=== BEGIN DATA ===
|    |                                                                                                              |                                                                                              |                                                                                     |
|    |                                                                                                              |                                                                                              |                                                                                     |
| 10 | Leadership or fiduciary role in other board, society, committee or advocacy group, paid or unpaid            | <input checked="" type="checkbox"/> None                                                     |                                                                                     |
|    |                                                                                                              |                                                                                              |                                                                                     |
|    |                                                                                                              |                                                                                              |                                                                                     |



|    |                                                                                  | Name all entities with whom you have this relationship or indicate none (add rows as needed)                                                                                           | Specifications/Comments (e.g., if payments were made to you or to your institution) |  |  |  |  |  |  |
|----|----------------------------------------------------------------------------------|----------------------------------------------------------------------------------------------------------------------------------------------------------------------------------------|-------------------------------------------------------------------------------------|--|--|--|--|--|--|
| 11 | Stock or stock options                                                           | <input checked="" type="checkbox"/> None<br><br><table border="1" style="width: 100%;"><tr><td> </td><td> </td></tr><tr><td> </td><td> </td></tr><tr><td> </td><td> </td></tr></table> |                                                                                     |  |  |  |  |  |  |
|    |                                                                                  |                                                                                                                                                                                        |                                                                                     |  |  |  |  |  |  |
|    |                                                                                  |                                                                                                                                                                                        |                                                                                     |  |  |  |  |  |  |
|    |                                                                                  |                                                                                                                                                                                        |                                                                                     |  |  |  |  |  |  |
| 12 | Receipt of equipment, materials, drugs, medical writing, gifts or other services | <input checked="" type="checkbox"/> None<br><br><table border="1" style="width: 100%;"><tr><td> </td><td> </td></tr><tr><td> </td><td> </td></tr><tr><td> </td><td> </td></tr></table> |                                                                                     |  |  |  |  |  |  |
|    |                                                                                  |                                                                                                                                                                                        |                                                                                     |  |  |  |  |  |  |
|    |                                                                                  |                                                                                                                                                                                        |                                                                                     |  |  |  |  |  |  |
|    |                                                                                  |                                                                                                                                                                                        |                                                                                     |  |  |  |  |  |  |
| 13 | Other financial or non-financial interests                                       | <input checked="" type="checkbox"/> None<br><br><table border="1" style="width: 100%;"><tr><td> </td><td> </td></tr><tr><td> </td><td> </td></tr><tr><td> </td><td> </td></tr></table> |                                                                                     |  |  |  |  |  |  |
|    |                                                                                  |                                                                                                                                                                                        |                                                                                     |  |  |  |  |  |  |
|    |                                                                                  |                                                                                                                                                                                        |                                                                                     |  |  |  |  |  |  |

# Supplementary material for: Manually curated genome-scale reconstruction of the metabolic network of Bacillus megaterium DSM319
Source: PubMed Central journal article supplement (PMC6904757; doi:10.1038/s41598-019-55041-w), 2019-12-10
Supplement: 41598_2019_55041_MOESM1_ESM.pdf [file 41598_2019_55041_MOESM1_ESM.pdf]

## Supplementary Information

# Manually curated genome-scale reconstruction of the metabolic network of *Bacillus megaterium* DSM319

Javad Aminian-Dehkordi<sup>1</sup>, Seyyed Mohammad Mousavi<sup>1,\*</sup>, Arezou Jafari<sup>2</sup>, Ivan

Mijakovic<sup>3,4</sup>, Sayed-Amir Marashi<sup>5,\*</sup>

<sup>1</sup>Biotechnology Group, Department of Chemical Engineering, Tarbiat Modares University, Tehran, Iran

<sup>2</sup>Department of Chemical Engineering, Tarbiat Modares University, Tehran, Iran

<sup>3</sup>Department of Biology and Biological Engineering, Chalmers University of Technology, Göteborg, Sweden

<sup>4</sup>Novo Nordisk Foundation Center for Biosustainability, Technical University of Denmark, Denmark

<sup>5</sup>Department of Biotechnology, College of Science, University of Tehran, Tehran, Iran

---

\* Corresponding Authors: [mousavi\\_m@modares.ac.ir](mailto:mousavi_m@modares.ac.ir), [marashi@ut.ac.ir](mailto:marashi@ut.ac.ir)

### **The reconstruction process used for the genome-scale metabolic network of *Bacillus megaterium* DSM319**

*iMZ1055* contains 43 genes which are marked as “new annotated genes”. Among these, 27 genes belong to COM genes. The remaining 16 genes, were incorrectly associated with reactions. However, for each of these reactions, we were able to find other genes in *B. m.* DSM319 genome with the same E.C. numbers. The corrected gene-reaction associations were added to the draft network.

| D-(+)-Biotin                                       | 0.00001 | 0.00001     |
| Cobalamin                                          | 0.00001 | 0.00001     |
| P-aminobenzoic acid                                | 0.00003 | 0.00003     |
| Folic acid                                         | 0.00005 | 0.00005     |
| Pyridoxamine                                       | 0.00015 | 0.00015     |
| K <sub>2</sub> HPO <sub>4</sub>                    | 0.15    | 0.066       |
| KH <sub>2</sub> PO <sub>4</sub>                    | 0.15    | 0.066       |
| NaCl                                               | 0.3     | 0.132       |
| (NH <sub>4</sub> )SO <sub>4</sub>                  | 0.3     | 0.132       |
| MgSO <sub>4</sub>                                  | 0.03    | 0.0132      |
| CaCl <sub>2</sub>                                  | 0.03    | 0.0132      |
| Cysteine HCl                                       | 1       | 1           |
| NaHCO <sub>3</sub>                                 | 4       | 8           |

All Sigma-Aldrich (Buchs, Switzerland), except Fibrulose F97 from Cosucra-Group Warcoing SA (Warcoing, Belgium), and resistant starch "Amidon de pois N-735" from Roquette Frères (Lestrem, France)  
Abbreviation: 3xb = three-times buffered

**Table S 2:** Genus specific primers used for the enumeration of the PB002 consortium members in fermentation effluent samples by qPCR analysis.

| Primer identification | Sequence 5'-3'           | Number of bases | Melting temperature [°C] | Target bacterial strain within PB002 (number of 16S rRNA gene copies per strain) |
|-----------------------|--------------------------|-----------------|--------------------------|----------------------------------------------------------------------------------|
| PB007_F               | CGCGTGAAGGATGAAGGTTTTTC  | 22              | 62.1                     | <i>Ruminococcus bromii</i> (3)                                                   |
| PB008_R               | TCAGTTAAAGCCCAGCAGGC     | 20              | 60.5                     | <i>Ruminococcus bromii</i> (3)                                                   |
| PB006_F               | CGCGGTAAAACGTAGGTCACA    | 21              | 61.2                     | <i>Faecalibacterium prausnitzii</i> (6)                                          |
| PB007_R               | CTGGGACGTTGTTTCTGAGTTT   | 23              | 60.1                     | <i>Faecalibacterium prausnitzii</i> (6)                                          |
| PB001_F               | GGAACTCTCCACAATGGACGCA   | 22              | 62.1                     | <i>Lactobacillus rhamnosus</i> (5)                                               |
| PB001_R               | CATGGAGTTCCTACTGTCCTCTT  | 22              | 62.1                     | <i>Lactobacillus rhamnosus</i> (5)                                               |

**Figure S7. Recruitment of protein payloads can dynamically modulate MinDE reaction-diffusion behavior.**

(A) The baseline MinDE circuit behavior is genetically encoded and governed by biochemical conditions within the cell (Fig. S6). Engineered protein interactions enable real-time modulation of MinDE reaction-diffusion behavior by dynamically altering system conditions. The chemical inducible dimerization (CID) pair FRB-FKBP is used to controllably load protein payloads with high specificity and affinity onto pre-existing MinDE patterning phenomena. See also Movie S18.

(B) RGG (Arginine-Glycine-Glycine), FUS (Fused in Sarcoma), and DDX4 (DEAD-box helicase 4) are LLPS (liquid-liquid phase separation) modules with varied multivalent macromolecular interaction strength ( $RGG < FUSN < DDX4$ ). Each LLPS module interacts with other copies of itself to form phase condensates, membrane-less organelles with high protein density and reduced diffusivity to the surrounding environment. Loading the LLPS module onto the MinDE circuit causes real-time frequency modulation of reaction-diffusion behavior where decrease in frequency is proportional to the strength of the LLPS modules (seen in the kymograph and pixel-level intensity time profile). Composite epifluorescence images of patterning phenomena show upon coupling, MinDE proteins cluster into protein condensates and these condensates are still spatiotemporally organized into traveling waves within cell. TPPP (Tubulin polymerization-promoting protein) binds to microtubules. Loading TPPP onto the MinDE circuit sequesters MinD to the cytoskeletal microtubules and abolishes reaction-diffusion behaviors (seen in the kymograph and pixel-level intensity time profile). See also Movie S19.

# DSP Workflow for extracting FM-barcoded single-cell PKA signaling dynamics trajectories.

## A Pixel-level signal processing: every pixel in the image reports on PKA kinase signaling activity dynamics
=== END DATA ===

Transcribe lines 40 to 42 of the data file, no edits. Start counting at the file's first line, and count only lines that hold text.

| K <sub>2</sub> HPO <sub>4</sub>                    | 0.15    | 0.066       |
| KH <sub>2</sub> PO <sub>4</sub>                    | 0.15    | 0.066       |
| NaCl                                               | 0.3     | 0.132       |